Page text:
Wednesday, 5 August 2009

Why did no-one stop me?

Great para from John Kay's helpful review of the increasing pile of books on the financial crisis:
Widely expressed among financial market participants is the view that we would never have trashed the house if our parents had supervised us properly. But it won’t do. If self-interested behaviour, inadequately restrained by state actions, leads to social and economic disaster it does not follow that the individuals and businesses which engage in the self-interested behaviour escape culpability. We don’t apply that standard to lorry drivers. We expect them to drive safely and professionally and hold them responsible when their failure to do so causes accidents. “I would have had to slow down” is not an excuse. It is not apparent that we should lower our expectations when it comes to the senior executives of banks.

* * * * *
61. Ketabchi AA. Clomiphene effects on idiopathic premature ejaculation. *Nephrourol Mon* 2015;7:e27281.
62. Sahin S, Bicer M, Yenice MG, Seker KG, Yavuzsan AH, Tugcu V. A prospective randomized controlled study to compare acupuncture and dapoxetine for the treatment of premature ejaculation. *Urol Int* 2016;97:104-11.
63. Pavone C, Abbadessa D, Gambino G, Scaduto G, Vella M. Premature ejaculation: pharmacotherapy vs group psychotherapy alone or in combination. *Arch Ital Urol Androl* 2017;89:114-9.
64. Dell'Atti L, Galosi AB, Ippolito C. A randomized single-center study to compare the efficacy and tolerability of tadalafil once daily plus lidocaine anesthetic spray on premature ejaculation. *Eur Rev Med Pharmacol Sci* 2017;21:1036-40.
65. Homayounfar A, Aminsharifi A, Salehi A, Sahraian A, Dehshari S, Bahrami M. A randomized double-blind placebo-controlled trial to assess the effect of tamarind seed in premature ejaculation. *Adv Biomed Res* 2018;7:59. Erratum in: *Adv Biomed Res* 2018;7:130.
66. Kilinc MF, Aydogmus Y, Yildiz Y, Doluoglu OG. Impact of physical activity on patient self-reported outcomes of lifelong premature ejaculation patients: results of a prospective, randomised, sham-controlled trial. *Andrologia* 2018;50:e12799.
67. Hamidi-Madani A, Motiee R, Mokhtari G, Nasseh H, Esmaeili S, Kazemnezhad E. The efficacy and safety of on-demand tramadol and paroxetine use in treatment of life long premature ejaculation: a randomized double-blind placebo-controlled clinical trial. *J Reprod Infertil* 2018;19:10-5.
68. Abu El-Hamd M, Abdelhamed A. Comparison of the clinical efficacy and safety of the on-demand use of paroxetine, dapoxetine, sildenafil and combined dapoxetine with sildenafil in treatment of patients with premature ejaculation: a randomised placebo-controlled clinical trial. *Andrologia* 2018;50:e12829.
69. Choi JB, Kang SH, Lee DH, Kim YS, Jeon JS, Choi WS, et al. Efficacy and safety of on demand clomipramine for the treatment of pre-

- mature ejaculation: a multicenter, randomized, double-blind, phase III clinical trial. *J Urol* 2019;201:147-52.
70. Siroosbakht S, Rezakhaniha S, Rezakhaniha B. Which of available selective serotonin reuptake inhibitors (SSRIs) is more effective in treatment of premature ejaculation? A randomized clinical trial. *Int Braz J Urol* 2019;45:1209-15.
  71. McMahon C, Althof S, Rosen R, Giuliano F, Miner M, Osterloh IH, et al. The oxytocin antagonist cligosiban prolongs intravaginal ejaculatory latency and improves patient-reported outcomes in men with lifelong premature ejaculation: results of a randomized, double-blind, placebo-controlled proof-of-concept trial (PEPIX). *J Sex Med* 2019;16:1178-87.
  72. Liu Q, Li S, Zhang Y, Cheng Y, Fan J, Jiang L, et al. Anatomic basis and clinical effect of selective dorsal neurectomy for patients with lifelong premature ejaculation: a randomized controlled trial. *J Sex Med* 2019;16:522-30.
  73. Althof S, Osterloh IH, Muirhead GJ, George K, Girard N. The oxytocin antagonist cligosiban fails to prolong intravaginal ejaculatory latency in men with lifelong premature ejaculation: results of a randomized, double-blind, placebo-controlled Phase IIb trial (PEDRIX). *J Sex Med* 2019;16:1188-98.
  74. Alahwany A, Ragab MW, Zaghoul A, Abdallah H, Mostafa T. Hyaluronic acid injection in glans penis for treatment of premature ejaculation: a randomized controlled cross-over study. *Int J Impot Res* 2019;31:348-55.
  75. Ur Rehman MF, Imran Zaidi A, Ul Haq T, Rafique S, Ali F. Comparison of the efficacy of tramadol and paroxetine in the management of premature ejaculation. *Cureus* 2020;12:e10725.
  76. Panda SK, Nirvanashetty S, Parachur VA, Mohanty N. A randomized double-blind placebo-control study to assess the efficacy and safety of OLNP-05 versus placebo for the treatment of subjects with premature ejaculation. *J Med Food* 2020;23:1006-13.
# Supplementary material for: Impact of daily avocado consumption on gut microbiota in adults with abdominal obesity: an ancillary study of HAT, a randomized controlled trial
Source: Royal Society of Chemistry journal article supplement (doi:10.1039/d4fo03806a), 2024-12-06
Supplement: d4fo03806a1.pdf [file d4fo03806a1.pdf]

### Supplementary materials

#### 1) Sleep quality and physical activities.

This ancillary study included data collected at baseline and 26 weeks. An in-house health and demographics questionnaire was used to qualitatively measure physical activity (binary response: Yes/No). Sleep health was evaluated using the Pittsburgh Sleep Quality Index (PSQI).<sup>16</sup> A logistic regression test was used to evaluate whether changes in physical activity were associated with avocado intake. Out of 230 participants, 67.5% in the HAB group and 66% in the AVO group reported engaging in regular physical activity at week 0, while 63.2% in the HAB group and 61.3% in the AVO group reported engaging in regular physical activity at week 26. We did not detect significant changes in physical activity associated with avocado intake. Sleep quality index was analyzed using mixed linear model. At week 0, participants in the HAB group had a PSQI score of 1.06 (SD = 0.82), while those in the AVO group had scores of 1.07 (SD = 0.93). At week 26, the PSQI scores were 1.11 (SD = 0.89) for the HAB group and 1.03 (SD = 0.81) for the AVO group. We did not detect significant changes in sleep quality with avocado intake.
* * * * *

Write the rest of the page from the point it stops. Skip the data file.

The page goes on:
Funnily enough though, John Kay contributed an essay to an IEA report that made precisely the kind of argument he reasonably criticises -
The prevailing view amongst the commentariat (reflected in the recent deliberations of the G20) that the financial crash of 2008 was caused by market failure is both wrong and dangerous. Government failure had a leading role in creating the conditions that led to the crash.

1 comment:

Nick Drew said...

This is wrong.

We know that, if unconstrained (unenforced), drivers will speed and bankers / MPs / TUs / you-and-me will loot and pillage if presented with an open goal

so (a) they should indeed be held responsible, individually and with severe sanctions (like in the USA on a good day)


(b) given the preamble, failure to supervise / police the constraints is culpable, madness

what's galling is that this is clearly stated in Best Practices. What's outrageous is that the FSA's taking-eye-off-ball was mandated by Blair & Brown